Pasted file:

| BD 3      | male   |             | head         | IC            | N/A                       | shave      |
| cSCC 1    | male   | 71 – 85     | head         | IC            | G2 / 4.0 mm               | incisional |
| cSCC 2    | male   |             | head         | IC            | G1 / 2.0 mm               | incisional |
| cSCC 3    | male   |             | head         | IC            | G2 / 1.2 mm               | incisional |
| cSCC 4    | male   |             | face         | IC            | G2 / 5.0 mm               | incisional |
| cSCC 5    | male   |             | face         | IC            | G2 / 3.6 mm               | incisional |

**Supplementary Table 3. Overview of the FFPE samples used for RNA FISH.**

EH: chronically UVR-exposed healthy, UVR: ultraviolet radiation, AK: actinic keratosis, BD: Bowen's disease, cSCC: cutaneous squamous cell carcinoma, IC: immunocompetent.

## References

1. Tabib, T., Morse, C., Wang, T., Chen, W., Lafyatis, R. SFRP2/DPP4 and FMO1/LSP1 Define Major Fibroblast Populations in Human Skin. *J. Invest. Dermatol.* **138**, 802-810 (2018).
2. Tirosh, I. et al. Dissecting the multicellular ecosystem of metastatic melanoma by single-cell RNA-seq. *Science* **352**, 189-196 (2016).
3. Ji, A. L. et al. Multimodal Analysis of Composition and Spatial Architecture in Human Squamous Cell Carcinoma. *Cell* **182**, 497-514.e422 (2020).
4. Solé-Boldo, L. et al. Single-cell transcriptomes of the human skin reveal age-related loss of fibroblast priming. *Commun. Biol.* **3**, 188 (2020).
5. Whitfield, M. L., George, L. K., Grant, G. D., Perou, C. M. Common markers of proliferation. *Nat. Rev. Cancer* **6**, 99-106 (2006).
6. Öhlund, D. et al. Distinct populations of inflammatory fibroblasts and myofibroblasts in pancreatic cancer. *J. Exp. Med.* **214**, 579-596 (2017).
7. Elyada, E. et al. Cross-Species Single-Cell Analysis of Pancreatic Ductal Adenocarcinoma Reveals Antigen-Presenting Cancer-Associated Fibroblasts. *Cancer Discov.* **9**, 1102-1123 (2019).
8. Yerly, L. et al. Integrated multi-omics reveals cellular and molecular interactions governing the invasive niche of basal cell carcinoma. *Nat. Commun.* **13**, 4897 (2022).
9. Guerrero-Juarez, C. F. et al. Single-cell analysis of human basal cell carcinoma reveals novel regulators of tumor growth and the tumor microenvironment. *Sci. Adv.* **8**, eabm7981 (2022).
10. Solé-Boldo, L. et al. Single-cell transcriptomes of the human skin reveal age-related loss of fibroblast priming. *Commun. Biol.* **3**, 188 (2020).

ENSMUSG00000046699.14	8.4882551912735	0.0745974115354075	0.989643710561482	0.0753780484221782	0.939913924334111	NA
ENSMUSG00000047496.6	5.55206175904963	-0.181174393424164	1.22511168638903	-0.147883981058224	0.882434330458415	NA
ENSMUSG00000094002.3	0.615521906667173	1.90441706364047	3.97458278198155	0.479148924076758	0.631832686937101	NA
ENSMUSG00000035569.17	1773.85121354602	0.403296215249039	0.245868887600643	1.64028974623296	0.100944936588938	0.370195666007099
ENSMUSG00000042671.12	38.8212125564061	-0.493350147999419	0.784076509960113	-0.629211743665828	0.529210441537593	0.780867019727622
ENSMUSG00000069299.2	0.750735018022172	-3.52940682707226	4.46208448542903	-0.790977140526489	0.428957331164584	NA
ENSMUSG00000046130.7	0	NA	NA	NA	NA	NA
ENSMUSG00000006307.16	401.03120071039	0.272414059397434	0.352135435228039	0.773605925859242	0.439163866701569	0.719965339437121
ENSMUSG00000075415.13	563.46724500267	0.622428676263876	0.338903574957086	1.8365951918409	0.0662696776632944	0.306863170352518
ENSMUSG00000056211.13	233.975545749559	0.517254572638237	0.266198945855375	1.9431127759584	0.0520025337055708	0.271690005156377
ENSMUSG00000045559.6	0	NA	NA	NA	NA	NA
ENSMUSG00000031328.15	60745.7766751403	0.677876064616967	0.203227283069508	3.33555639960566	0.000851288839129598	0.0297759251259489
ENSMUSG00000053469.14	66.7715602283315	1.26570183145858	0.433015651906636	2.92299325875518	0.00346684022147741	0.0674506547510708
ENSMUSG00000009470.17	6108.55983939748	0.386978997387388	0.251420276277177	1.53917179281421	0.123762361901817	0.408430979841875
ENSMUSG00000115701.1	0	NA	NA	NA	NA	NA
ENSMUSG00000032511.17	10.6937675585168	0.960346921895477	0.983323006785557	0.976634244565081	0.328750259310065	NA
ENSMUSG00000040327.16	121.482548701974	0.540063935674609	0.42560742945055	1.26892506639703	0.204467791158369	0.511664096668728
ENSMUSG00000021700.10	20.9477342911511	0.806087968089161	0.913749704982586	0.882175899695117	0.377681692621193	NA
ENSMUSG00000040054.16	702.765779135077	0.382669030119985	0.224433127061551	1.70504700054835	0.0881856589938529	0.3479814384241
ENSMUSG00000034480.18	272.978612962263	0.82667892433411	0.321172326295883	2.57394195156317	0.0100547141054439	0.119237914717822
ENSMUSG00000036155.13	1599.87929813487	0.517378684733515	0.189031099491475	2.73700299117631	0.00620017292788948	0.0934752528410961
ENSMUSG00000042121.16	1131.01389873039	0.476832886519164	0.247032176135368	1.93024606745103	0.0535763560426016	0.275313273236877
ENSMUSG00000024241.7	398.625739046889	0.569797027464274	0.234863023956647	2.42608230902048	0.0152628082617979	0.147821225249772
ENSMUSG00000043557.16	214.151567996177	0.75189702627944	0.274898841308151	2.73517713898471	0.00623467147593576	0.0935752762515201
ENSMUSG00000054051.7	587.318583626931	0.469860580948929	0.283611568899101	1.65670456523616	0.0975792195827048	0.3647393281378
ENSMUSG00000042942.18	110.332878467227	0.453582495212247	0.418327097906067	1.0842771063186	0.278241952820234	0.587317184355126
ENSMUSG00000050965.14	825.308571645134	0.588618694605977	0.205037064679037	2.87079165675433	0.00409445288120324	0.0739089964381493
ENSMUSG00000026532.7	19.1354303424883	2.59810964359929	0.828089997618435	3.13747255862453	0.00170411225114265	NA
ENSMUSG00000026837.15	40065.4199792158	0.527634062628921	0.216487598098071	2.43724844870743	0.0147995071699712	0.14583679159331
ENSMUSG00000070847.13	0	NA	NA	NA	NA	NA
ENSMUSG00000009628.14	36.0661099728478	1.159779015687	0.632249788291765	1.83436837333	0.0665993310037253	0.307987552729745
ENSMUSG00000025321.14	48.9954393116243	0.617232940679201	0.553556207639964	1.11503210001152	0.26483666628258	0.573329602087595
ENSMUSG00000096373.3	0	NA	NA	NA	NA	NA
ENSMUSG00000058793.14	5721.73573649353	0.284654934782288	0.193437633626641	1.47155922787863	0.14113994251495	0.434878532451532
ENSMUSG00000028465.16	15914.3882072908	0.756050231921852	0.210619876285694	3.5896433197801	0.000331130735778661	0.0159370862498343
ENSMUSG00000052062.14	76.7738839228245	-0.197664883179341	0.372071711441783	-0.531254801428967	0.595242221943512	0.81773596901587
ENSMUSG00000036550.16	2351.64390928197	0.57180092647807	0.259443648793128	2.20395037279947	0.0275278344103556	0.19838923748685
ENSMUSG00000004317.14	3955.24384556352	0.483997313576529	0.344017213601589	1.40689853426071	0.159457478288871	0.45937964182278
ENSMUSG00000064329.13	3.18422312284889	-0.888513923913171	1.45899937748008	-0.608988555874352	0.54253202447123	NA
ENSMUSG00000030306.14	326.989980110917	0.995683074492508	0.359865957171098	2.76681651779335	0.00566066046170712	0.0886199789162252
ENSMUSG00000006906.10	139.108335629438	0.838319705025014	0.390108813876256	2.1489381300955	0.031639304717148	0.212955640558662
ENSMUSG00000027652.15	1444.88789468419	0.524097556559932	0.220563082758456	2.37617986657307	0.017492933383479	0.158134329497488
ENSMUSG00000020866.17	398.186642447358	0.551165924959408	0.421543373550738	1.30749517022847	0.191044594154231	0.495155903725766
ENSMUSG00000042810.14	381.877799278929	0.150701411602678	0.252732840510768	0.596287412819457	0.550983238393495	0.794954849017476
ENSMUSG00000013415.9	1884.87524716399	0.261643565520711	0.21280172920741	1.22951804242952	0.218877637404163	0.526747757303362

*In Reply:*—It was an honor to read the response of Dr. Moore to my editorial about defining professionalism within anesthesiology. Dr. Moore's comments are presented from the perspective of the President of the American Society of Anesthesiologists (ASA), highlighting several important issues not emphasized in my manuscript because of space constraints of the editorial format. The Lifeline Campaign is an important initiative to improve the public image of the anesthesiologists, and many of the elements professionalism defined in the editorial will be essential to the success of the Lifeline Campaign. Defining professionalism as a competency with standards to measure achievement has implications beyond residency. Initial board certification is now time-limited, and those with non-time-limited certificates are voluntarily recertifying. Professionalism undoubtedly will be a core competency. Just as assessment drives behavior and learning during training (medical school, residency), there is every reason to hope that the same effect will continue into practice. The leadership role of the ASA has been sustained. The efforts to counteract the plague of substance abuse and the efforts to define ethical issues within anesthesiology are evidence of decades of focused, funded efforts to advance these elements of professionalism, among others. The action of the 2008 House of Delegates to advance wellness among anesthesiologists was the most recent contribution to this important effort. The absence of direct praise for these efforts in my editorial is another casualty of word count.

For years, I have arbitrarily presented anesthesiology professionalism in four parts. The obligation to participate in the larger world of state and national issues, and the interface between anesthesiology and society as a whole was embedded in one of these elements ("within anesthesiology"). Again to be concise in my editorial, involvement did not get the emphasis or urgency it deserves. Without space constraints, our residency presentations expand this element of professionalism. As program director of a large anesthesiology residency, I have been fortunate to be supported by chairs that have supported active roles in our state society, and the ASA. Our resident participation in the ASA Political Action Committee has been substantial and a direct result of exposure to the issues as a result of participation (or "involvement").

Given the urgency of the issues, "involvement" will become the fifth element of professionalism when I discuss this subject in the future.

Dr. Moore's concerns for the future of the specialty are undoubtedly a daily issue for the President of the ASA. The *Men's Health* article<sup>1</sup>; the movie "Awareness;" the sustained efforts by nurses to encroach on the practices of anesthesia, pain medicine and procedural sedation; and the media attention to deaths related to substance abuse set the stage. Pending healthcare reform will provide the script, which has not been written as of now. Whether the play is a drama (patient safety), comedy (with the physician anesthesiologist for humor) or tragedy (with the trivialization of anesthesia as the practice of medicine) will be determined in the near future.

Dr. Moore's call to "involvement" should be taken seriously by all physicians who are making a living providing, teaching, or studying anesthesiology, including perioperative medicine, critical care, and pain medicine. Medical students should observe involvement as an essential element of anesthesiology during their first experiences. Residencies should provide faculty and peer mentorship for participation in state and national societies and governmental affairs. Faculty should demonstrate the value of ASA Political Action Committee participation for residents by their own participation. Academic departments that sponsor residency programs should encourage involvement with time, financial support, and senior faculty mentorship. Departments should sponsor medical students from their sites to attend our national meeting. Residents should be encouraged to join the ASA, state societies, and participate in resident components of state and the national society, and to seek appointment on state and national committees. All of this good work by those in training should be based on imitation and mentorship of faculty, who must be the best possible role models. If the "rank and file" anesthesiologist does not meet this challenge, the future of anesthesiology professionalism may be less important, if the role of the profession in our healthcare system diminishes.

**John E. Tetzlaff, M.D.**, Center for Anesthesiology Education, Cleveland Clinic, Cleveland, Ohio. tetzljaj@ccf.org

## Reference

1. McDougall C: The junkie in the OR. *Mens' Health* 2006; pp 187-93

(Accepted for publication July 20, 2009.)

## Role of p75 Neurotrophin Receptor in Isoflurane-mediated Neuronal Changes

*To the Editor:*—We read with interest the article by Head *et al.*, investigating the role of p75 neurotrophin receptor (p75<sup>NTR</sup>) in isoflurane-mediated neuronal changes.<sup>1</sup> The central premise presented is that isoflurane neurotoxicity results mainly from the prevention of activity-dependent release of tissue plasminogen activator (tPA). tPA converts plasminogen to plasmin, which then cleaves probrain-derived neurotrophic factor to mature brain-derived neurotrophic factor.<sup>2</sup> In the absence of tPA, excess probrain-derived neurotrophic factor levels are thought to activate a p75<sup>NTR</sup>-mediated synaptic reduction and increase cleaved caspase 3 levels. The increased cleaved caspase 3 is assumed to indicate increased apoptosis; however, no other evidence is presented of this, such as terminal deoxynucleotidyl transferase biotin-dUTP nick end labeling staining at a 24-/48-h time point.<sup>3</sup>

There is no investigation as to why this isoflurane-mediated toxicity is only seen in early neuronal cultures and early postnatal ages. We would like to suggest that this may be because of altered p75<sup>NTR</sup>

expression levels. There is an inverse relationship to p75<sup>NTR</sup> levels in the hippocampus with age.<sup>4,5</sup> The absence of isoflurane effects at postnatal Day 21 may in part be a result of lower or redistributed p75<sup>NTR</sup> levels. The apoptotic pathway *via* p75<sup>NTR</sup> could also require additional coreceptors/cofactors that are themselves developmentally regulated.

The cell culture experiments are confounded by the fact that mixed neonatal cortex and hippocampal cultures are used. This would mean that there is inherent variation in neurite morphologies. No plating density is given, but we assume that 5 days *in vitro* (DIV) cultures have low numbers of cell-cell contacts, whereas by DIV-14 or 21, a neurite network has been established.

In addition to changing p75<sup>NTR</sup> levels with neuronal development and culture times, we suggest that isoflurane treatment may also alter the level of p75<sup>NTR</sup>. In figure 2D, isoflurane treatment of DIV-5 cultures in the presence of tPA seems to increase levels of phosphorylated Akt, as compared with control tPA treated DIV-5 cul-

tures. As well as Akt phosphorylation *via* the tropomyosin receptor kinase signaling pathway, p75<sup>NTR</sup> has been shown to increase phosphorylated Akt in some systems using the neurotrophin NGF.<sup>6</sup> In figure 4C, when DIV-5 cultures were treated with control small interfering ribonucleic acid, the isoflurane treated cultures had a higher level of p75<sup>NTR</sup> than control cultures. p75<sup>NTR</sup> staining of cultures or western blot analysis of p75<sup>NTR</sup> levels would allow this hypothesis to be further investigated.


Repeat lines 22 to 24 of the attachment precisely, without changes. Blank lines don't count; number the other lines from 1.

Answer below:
ENSMUSG00000094002.3	0.615521906667173	1.90441706364047	3.97458278198155	0.479148924076758	0.631832686937101	NA
ENSMUSG00000035569.17	1773.85121354602	0.403296215249039	0.245868887600643	1.64028974623296	0.100944936588938	0.370195666007099
ENSMUSG00000042671.12	38.8212125564061	-0.493350147999419	0.784076509960113	-0.629211743665828	0.529210441537593	0.780867019727622